Easy guide to cutting lightweight insulating firebricks
I purchased some Grade 28 Insulating Fire Bricks when constructing an indoor electric foundry. Now these aren't cheap costing at the time of purchase £5 each. However they're a specialised item capable of withstanding temperatures of 1500°C / 2732°F. See the accompanying video here.
Bricks are generally rectangular in shape and to achieve the hexagonal shape I required, I needed to remove two 30° slices from each brick. The company I purchased the blocks from were happy to provide a cutting service at £5 per cut, effectively making each brick £15 each. You can imagine what I told them.
The good news is these bricks are VERY easy to cut. Genuinely if you had the patience you could cut through them with a spoon. They take tools a treat and you can saw, carve and shape them with handsaws, files, chisels, rasps, sandpaper, etc.
Never A Dull Moment
With that said, don't use your best tools. Yes cutting them is easy, really easy, but despite the lack of effort involved your sharpest handsaw will soon be your dullest once you start cutting. As such use old, rusty, blunt tools. These will still cut just as easily.
Electric Tools and Dust - Stay Safe
You can also use electric tools. I've used an electric mitre saw and a router on these bricks and you can get a very nice finish BUT it will produce a lot of very hazardous dust. Don't shrug this of as health and safety softness - it should be a very genuine concern to you. Ideally you should wear a quality dust mask whenever you cut these types of bricks, but most especially if you use electric tools. It's all too easy to produce thick clouds of carcinogenic dust.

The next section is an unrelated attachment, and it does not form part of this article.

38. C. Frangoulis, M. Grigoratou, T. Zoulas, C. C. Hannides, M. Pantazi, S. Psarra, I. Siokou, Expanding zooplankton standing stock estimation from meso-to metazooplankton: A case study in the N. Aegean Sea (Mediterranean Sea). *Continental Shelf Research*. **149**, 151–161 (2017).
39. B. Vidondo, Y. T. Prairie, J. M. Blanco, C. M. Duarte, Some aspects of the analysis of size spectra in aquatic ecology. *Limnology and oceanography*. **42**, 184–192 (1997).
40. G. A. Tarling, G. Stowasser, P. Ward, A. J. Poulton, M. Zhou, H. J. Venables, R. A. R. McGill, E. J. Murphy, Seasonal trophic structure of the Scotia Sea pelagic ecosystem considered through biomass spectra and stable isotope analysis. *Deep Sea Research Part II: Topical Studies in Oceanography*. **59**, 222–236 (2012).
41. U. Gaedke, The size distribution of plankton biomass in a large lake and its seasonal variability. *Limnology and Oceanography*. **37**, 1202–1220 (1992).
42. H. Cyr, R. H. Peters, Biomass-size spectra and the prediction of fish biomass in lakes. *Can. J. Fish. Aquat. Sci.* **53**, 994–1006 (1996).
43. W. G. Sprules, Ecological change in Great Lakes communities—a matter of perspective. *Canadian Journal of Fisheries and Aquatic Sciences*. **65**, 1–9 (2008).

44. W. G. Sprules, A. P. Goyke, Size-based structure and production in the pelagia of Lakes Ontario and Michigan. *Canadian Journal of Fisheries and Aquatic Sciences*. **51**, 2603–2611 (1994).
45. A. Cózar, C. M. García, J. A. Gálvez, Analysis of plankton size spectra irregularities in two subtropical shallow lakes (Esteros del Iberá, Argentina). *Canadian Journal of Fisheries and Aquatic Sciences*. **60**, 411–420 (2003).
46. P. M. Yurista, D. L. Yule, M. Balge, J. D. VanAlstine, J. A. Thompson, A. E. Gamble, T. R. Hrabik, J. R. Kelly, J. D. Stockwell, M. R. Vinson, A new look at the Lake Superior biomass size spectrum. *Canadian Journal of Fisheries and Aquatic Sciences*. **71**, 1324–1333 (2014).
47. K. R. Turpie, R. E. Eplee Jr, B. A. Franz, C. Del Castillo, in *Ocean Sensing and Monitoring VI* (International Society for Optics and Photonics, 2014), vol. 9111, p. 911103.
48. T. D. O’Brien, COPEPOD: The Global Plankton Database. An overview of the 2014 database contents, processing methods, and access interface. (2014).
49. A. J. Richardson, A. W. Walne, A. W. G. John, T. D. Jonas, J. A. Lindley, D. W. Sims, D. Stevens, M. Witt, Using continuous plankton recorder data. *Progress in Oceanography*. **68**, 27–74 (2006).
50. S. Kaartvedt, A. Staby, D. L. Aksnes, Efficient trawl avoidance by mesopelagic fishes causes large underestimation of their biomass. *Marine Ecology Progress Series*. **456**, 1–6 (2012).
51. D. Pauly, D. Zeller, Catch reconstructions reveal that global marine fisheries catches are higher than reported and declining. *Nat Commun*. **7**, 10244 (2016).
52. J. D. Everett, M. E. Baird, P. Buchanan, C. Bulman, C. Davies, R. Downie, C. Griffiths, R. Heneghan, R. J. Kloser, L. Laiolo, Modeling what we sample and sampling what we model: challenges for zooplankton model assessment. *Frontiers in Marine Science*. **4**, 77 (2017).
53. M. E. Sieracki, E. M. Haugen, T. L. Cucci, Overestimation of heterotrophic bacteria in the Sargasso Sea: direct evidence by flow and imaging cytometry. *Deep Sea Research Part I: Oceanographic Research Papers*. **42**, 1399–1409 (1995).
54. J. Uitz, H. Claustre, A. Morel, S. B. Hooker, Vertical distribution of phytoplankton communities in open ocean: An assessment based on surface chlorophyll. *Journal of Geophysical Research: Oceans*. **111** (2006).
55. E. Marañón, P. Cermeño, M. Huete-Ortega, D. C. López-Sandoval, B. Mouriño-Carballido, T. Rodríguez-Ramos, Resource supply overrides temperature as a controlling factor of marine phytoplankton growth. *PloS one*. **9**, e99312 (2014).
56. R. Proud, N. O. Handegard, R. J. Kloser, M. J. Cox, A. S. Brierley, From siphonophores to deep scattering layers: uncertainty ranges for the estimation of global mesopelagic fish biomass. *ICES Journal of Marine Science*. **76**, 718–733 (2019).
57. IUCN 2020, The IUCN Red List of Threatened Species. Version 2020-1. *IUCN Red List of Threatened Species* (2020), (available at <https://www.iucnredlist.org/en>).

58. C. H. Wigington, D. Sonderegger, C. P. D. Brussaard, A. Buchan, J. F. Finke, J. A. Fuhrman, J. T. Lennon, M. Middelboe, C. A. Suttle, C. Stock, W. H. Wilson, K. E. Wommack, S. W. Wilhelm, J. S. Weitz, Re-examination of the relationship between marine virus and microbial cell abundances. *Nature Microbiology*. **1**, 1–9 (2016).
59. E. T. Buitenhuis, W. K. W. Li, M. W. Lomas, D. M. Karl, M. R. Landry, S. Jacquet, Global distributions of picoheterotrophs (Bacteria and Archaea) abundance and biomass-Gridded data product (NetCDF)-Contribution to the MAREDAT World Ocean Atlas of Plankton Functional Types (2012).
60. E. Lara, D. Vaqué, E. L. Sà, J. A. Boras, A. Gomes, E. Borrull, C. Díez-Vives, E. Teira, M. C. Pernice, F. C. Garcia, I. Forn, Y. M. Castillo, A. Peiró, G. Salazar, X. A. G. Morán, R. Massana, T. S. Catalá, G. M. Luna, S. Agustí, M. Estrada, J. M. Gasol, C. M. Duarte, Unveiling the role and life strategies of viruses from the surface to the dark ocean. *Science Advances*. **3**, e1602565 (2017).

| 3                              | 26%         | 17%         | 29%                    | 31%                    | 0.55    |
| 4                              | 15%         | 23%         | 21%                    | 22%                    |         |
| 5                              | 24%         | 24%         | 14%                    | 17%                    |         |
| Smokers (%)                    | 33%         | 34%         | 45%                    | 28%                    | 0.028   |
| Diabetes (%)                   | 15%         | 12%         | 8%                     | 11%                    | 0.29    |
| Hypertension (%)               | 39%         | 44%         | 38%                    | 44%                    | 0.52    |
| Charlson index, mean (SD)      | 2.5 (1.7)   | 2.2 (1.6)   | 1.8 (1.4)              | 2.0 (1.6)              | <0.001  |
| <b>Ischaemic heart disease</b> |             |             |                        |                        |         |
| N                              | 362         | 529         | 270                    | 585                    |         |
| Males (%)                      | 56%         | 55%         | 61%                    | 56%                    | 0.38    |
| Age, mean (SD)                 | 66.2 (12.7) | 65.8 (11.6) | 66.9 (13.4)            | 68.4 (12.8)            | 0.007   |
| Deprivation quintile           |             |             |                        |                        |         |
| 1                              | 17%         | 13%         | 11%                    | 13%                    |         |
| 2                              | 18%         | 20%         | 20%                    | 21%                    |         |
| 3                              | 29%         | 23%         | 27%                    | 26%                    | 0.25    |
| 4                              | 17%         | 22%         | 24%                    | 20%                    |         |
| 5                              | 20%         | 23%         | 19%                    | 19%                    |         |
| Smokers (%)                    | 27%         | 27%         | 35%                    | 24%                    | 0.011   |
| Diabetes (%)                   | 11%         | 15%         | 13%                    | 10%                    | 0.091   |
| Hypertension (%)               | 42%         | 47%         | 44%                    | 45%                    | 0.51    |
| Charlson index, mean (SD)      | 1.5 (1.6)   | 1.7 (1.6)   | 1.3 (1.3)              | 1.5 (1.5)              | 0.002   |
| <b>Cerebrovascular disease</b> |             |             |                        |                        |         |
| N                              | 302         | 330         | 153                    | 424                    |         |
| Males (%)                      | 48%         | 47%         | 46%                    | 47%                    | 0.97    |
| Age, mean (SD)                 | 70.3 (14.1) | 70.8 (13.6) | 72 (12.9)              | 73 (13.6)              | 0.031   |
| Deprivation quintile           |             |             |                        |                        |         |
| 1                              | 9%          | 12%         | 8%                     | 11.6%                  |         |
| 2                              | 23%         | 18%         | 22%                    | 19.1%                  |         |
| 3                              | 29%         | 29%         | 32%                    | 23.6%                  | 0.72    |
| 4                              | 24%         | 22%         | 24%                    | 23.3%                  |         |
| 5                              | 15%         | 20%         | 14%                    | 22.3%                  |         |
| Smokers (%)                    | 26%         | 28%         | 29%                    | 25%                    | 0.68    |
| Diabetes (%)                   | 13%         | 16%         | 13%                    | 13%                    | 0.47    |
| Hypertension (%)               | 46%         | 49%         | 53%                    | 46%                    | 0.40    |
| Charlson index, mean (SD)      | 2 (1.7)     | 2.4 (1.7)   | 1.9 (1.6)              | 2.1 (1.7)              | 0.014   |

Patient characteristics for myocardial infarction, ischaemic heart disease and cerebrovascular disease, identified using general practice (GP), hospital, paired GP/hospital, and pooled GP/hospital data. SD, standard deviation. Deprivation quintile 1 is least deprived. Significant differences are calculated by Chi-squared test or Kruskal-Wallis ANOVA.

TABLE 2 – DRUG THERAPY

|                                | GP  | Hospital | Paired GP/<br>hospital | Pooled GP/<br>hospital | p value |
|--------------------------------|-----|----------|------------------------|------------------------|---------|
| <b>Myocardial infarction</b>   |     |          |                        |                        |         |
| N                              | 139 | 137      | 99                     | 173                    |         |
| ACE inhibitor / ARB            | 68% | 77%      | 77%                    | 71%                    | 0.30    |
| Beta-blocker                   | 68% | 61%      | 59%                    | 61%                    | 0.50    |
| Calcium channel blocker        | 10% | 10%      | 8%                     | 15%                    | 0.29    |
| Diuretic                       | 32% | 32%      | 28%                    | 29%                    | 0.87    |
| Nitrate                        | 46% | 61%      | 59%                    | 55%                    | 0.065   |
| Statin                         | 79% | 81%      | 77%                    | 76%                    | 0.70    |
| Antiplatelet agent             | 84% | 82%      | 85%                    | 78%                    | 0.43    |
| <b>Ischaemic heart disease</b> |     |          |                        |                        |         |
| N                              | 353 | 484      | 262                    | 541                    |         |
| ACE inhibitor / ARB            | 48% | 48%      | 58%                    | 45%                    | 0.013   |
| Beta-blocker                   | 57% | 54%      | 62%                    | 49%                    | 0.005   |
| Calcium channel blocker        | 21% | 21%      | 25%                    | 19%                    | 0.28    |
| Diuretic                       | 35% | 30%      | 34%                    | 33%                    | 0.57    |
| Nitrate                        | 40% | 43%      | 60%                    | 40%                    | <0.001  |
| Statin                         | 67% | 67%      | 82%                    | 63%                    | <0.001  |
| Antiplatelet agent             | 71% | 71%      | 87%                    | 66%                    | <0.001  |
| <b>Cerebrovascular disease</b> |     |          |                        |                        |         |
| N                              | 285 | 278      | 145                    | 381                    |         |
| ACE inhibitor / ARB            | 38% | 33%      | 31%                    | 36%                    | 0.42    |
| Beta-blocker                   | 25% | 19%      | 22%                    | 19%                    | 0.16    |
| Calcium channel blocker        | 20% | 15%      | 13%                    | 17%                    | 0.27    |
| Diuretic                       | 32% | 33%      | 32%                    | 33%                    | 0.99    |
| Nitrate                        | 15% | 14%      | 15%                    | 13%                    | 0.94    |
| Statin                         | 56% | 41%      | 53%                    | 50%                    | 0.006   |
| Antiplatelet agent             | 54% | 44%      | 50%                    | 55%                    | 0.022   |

Fine Precise Cuts
If you're skilled with hand tools, then stick with them, but personally I needed to cut two 30° slices from 24 bricks and I needed to get the sizes and angles just right, else risk wasting an expensive brick. Fortunately I found that by soaking the bricks in water, allowing most of that water to drain free, then cutting on an electric mitre saw, I was able to produce very nice cuts and virtually no dust - a real win win situation. You can see the outcome in this following video. But please, if you're going to do the same, don't use your best blade... else it won't be best for long.
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